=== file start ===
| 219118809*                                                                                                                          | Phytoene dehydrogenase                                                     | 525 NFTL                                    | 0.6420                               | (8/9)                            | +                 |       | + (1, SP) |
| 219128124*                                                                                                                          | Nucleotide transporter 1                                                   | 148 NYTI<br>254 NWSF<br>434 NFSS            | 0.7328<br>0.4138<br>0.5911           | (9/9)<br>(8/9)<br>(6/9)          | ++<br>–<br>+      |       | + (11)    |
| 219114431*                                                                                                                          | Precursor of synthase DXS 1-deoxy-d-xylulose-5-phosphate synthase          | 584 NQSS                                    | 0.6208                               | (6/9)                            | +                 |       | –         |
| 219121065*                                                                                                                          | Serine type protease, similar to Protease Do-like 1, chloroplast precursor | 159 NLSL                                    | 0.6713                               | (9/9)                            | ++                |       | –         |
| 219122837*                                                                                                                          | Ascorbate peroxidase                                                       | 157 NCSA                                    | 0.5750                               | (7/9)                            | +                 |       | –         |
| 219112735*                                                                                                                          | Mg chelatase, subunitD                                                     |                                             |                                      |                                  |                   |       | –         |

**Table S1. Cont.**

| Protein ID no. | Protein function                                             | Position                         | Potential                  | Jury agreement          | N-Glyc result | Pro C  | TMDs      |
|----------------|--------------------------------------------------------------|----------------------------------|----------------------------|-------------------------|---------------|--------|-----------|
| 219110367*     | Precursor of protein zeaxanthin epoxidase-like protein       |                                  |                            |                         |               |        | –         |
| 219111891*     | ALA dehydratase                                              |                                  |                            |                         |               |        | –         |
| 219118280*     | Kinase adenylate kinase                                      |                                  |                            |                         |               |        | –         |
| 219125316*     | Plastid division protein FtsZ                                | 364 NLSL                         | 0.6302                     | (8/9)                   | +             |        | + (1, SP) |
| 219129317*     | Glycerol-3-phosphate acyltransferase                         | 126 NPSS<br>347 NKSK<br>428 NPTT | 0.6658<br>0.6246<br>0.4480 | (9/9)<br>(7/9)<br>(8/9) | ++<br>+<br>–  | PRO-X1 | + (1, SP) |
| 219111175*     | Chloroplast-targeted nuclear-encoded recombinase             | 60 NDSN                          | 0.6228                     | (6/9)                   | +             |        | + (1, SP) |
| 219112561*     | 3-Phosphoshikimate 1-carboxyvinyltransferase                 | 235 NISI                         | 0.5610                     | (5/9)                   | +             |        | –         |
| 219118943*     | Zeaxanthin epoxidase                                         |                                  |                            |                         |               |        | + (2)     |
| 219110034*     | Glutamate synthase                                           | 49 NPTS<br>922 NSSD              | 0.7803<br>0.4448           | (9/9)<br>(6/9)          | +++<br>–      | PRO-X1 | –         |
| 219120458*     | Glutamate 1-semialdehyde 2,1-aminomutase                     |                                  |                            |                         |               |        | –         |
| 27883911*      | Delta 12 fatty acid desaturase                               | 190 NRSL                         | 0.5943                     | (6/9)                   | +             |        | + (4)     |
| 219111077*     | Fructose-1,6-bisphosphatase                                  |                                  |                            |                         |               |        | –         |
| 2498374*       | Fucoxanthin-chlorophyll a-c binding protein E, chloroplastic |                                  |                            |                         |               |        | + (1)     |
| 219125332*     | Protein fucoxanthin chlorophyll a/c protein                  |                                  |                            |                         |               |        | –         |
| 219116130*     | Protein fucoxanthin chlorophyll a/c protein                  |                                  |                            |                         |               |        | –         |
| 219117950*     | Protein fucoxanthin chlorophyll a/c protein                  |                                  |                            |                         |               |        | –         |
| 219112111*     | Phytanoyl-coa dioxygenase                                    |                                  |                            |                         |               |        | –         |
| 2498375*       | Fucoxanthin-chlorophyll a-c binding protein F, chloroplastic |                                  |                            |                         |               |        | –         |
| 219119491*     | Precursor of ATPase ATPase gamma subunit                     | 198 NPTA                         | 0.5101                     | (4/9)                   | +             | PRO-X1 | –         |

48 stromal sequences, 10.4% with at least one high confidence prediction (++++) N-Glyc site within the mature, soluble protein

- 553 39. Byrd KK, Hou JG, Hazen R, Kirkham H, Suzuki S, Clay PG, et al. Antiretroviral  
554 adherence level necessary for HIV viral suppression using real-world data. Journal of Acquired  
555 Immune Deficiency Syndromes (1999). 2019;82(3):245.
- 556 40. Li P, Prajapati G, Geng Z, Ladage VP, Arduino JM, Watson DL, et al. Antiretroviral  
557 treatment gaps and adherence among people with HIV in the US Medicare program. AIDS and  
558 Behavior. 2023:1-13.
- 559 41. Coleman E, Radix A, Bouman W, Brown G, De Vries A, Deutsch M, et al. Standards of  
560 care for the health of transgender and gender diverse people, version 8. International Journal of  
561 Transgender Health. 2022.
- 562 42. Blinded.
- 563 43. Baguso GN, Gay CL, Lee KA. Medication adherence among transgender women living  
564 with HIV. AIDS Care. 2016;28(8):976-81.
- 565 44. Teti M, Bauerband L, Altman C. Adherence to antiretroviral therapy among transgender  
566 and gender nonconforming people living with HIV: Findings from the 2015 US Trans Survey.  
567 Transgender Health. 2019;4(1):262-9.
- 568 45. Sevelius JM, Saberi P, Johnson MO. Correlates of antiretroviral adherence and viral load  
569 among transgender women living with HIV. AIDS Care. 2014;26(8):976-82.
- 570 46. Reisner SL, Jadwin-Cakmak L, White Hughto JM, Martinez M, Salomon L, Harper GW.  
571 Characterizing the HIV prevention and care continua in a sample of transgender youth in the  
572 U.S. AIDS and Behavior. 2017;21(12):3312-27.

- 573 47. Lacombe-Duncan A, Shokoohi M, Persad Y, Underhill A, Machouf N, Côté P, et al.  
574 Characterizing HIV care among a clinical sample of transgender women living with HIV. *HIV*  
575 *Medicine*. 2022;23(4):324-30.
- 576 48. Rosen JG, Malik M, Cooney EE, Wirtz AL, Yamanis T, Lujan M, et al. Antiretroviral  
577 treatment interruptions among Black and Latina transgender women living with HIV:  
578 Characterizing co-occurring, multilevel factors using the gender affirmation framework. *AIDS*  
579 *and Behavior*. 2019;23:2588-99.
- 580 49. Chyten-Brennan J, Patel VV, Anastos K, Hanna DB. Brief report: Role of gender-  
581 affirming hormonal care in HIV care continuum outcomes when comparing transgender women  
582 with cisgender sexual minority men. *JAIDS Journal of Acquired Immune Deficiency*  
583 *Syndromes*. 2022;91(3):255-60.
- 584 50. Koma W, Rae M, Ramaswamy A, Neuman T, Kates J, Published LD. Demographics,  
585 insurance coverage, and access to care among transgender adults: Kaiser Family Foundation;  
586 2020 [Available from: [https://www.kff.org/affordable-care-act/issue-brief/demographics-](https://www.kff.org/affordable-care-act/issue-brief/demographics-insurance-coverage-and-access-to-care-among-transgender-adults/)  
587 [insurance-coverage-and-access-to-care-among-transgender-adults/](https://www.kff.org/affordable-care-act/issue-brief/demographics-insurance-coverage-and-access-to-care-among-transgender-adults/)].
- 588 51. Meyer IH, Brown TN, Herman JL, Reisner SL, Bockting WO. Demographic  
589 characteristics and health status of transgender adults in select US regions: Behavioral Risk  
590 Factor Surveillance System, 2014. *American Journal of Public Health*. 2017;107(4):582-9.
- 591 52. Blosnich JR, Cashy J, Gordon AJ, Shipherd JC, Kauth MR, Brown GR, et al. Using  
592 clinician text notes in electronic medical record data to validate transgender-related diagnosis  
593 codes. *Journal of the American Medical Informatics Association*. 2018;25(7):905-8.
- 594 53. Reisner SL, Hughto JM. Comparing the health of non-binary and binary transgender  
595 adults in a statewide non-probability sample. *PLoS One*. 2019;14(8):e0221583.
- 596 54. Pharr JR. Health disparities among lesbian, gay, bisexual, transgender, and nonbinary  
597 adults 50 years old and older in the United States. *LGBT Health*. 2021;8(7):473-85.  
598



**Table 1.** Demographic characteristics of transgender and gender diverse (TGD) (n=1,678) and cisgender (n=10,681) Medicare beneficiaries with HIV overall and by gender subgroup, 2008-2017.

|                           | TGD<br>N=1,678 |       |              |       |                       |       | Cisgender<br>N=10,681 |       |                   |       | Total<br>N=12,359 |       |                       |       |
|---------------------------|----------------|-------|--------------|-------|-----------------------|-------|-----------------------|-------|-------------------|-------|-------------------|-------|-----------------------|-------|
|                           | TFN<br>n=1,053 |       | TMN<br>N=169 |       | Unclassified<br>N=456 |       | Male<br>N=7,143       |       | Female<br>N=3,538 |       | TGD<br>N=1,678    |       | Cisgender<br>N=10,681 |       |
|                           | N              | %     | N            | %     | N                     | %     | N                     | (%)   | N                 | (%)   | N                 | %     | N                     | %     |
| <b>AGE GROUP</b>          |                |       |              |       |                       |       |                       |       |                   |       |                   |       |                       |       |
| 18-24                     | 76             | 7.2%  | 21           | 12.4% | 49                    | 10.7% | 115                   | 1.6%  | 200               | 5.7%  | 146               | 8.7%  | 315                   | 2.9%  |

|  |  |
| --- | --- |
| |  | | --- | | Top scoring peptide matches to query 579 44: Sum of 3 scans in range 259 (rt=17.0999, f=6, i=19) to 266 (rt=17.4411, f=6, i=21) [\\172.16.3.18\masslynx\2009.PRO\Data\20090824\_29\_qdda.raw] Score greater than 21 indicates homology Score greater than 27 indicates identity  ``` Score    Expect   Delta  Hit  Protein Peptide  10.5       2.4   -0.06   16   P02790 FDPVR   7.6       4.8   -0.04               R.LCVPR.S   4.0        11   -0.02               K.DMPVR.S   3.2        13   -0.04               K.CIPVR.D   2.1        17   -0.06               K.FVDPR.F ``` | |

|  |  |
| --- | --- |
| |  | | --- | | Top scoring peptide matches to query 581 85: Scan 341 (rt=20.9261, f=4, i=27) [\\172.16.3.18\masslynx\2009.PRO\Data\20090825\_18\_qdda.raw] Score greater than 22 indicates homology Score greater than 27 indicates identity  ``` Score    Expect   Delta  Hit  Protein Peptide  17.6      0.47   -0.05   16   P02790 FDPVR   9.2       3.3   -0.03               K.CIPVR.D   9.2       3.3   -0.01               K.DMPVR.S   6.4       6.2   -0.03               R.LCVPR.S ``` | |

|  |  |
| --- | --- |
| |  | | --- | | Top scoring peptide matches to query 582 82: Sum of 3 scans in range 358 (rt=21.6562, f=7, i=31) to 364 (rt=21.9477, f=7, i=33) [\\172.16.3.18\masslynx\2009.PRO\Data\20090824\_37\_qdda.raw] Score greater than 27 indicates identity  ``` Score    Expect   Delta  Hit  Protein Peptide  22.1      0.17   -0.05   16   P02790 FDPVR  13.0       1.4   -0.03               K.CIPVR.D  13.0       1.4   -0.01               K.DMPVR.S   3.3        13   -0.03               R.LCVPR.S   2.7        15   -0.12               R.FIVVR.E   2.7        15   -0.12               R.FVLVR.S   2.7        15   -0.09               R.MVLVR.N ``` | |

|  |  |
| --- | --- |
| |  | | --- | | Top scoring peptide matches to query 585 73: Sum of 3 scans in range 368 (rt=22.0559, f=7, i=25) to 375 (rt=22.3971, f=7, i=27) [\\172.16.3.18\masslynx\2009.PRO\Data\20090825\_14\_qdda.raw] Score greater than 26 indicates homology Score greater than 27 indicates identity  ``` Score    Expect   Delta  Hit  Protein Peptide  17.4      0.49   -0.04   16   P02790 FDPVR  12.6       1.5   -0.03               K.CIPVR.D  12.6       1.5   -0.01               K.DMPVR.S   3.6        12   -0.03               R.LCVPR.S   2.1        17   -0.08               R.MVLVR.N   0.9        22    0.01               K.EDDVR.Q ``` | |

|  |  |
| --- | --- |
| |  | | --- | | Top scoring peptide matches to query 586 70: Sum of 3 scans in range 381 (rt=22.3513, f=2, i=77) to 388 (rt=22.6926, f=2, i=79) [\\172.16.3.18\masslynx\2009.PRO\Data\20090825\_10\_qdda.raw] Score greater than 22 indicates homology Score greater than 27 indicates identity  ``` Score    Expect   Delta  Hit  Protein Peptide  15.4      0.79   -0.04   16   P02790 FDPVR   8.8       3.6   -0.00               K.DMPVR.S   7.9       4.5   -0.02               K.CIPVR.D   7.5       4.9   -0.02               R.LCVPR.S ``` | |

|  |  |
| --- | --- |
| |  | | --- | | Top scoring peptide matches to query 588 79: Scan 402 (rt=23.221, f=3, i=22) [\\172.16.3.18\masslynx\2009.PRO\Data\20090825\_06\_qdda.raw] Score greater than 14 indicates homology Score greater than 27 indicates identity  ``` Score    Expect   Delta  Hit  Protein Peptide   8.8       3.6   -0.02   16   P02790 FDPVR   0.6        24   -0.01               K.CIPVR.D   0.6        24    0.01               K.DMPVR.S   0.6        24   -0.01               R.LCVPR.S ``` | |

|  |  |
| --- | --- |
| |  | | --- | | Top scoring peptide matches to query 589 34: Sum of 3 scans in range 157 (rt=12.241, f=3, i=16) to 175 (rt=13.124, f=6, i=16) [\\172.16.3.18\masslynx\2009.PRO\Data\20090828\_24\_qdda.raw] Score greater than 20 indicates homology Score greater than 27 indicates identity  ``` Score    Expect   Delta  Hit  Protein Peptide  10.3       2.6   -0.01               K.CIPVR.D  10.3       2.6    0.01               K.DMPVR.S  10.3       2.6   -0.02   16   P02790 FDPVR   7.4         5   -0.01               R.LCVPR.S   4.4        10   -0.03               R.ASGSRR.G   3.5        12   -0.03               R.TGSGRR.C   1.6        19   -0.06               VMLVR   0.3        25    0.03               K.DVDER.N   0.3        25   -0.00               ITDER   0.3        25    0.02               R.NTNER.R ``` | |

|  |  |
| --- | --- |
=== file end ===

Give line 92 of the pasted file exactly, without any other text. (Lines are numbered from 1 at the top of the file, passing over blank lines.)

|  |  |